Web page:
The life and works of Doctor John Conolly born Market Rasen 27th May 1794
John was born in a house which used to stand on the corner of what is now Church Street and the terrace running down to the mill. George Tennyson (Lord Alfred’s grandfather) had an aunt, Susanna who lived there after her husband, William, died. One of her daughters, Dorothy, married Jonothan Conolly, a younger son of good Irish family, and their son John Conolly was born here in 1794. He was the middle son with William, born 1792, (who became an apprentice to local Doctor Z Barton in 1805 and then moved to Tours, France in 1815 to practice medicine) and James, 1796, of which nothing is known.
His father died whilst he was quite young and he was sent to Hebden Grammar School near Hull where he ‘learned nothing for 7 years’ the headmaster being uninterested in his charge, except to aim blows at his head. His mother remarried, a French Émigré and moved to Hull, his stepfather treated him well and taught him an enduring love of the French language, which he returned to at many points in his life.
At 18 he became an officer in a militia regiment and married the daughter of Sir John Collins at a relatively young age and moved to Tours to join his brother, however, a year later he enrols at Edinburgh University to study medicine for which he is awarded MD.
Upon graduating, he moved into practice in Chichester, then on to Stratford on Avon where he remains until 1827, where he takes an active part in improving the sanitary conditions of the borough, being an Alderman and Mayor. He also sets up a public dispensary.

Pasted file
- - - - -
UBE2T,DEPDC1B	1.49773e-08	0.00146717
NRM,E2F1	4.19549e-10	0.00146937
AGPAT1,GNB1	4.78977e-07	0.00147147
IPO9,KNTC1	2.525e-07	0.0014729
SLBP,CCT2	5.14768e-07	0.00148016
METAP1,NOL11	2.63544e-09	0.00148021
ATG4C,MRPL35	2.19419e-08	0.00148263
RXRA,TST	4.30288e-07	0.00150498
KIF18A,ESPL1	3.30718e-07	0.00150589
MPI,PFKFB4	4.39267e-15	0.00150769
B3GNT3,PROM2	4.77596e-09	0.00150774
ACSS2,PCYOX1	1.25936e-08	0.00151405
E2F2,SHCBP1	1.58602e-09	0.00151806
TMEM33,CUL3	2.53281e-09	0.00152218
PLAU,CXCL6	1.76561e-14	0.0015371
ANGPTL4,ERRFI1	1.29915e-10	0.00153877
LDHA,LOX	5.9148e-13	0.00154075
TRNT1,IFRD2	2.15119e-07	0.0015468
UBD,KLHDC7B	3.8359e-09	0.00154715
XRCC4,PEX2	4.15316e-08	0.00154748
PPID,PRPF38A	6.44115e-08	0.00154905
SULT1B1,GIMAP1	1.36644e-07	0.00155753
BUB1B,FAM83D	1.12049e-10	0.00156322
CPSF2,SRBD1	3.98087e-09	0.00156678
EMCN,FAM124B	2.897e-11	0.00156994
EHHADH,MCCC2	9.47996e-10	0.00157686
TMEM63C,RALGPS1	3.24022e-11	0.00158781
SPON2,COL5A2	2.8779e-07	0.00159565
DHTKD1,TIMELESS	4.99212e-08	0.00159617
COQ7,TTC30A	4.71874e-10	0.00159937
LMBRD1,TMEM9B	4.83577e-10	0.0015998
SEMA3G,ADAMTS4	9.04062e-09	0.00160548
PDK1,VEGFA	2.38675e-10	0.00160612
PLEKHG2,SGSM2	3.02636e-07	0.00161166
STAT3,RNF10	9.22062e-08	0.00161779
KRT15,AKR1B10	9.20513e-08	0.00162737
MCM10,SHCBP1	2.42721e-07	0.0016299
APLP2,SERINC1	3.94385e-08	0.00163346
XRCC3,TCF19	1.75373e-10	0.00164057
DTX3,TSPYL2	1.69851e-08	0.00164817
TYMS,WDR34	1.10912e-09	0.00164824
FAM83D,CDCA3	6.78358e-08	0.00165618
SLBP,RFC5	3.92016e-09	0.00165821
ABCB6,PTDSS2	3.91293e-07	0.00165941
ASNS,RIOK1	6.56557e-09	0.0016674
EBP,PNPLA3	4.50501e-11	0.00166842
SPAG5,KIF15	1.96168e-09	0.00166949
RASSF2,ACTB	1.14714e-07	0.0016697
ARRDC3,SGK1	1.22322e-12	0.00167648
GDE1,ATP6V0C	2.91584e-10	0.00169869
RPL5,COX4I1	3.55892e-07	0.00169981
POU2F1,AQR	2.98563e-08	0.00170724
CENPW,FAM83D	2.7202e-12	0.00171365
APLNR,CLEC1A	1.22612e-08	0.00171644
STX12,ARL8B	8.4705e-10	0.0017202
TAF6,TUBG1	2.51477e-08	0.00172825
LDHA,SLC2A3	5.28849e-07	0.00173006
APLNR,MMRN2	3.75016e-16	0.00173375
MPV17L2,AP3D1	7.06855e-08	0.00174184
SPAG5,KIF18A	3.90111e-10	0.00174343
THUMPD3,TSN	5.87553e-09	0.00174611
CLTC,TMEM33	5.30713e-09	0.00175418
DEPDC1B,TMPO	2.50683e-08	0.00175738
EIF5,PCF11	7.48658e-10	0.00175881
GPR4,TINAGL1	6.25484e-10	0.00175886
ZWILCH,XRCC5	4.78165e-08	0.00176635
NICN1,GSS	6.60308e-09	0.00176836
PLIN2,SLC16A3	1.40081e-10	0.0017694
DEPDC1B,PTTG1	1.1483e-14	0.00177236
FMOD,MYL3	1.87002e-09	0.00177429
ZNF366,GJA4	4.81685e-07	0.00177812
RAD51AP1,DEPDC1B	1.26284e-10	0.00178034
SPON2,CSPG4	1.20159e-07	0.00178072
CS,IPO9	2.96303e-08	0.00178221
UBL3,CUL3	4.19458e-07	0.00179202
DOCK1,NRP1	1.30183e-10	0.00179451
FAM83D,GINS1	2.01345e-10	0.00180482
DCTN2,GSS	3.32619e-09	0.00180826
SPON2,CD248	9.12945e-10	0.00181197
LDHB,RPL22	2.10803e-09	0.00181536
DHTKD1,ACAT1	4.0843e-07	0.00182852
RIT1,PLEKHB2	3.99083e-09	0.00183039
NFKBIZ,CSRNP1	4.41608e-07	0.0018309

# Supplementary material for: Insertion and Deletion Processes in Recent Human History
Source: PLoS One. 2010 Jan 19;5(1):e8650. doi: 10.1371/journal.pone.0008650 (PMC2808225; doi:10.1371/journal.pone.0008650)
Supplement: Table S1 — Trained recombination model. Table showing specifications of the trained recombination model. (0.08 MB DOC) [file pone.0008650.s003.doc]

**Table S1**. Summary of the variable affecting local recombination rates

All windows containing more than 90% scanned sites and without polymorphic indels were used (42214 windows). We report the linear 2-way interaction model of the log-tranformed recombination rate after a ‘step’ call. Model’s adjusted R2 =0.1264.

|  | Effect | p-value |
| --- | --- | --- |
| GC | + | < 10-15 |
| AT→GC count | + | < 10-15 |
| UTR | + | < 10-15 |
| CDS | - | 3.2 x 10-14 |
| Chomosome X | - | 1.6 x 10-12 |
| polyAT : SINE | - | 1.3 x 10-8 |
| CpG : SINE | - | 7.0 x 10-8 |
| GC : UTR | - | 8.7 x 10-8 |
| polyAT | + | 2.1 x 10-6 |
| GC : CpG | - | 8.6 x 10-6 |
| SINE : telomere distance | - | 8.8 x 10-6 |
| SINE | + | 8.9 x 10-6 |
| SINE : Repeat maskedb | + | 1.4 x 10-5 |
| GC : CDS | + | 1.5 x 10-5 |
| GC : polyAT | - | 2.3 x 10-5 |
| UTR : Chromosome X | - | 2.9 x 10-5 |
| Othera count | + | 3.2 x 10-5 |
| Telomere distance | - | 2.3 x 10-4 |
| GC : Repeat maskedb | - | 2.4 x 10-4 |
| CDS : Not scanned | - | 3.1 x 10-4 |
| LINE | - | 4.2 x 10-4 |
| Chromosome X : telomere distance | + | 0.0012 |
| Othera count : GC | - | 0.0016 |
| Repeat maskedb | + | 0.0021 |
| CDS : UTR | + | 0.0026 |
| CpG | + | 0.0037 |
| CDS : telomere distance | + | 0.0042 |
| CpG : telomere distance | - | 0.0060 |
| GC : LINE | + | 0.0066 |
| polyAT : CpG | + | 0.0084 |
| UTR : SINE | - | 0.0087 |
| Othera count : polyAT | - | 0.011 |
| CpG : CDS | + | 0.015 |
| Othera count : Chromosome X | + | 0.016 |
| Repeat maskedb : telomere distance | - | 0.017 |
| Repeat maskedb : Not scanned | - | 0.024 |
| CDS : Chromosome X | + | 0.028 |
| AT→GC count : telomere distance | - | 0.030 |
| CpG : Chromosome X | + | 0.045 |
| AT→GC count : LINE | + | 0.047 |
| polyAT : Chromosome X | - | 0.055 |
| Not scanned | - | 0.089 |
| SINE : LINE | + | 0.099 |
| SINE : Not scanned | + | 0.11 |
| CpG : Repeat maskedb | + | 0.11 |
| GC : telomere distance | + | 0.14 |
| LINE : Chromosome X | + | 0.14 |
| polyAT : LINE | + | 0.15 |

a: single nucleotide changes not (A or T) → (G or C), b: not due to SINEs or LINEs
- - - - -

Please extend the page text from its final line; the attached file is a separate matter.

He leaves to take up the appointment of Professor of the Practice of Medicine at University College London at the young age of 33 which he holds for the next 4 years. It is at this time that his interest in the care of the insane is brought to the fore, he finds that new doctors are not trained in the diagnosis and care of the insane and is thwarted in his attempts to redress this. However, he produces his major work Indications of Insanity at this time as an aide memoir for students. He is himself appointed ‘Visiting Physician of the Lunatic Asylums and starts to tour the country, viewing these institutions.
He is now aware of the works undertaken by Pinel, a French Doctor in 1792, in the notorious Bicetre asylum where Pinel fought with the authorities to un-manacle some of the ‘less dangerous maniacs’. The heavy chains are removed with caution and a gentler regime is put in place, to which these lucky men respond well.
In the UK in 1796 Doctor William Tuke had undertaken similar work at the privately run The Retreat in York and in Lincoln, Doctors Charlesworth and Gardiner Hill are taking the same cautious approach with some of their patients, again with success.